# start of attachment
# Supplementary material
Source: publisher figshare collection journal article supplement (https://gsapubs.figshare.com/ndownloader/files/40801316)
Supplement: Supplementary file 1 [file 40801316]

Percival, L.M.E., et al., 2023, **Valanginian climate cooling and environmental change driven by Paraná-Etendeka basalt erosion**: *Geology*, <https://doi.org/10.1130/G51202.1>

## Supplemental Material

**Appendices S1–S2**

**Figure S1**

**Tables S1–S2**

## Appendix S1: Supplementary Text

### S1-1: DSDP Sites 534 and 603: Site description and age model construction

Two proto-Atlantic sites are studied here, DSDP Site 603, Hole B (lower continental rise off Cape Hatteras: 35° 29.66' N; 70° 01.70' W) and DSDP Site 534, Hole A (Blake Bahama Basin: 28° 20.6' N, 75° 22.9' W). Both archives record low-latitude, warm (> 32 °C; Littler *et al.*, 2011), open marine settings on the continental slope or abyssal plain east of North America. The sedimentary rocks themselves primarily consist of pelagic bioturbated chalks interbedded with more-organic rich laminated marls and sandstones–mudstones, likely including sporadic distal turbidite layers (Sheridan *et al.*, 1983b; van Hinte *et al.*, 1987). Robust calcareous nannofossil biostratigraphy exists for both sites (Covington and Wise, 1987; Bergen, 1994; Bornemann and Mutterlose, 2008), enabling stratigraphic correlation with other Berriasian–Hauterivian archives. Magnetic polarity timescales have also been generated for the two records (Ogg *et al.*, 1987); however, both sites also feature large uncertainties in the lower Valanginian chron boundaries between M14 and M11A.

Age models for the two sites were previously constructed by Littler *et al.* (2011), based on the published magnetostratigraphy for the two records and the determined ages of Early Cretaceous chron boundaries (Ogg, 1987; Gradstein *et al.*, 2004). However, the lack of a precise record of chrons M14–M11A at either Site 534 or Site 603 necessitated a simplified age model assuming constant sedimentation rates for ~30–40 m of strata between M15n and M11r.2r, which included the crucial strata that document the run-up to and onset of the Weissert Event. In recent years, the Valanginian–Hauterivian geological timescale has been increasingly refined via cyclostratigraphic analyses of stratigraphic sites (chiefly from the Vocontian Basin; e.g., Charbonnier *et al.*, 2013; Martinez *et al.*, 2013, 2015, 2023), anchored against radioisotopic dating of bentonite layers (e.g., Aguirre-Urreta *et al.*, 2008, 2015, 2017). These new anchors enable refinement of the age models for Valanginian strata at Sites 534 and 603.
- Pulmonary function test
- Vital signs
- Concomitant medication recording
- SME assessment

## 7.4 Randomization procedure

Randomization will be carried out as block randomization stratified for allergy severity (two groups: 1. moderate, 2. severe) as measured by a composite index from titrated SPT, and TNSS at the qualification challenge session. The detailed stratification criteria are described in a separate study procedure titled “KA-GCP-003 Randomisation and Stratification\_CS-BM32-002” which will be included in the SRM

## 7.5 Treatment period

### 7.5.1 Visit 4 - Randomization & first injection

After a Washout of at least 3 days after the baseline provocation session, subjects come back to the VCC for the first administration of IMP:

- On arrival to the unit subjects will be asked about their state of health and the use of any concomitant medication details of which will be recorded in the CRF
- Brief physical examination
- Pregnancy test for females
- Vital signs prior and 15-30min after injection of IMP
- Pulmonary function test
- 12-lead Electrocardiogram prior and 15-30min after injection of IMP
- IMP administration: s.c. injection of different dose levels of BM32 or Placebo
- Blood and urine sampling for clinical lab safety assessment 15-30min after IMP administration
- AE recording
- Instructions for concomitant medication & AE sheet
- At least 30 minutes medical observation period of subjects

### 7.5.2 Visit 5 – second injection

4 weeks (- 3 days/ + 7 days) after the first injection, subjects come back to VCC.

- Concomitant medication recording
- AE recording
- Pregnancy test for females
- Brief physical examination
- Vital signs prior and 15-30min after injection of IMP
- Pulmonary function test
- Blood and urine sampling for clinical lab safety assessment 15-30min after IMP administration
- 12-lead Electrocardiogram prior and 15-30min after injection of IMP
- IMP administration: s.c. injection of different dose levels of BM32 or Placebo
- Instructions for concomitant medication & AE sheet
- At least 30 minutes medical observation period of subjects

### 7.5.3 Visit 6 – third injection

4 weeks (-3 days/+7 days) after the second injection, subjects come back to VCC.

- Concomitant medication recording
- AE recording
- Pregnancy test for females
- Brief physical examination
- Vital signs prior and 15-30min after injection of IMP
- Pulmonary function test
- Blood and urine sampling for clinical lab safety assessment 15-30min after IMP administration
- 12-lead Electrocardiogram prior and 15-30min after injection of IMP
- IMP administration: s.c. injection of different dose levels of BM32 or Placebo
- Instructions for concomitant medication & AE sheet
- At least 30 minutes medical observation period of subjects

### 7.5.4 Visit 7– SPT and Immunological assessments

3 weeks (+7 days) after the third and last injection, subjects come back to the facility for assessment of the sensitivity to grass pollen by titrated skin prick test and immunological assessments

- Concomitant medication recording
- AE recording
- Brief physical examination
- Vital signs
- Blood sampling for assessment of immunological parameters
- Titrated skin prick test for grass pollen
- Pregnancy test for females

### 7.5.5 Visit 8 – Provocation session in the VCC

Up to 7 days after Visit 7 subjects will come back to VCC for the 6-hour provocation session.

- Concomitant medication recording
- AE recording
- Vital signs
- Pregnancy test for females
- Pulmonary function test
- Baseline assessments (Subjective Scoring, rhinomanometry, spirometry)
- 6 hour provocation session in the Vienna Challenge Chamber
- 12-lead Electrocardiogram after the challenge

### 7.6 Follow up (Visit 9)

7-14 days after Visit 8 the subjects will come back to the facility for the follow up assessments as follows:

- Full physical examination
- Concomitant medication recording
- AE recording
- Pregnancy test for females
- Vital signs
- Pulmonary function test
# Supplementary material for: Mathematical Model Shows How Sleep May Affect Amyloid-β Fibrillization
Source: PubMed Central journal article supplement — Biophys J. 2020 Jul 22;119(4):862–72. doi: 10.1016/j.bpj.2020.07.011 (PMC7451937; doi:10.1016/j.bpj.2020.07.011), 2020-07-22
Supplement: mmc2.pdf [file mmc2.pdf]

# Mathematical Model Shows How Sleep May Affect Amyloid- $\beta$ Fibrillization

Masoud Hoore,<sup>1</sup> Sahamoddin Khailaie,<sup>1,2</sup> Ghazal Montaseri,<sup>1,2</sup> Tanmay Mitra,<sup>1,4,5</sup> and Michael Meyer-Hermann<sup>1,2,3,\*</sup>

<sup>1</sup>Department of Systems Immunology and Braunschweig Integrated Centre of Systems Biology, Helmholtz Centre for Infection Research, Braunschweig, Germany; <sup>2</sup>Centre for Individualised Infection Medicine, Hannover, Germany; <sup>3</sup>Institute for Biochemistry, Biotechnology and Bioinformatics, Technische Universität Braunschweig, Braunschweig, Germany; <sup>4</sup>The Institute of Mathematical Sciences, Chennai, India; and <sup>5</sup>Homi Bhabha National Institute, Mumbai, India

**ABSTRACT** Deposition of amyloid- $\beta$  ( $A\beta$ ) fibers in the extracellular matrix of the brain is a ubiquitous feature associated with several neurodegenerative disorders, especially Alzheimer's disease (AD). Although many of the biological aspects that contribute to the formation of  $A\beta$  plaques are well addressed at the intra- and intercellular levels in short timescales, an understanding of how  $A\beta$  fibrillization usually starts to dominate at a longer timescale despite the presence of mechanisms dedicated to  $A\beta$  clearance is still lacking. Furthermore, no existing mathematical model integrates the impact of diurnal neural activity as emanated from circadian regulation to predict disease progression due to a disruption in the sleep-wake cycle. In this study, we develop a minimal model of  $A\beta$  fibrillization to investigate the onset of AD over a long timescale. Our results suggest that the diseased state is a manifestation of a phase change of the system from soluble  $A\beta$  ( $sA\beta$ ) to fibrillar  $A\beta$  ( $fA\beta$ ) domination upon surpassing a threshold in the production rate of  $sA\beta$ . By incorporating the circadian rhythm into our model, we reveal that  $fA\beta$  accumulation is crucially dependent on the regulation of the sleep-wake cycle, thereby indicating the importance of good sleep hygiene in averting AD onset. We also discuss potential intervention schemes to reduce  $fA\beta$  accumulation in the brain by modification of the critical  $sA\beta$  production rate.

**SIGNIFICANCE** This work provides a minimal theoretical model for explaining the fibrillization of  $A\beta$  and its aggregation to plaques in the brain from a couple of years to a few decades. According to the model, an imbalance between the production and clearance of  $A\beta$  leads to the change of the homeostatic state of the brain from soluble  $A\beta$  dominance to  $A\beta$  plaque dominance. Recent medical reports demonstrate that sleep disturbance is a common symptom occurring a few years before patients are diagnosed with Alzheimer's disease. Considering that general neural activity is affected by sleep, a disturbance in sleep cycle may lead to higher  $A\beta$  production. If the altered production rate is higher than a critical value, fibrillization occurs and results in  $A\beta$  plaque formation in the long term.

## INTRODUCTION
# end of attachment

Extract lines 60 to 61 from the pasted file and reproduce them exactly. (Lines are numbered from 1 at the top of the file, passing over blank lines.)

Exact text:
3 weeks (+7 days) after the third and last injection, subjects come back to the facility for assessment of the sensitivity to grass pollen by titrated skin prick test and immunological assessments

- Concomitant medication recording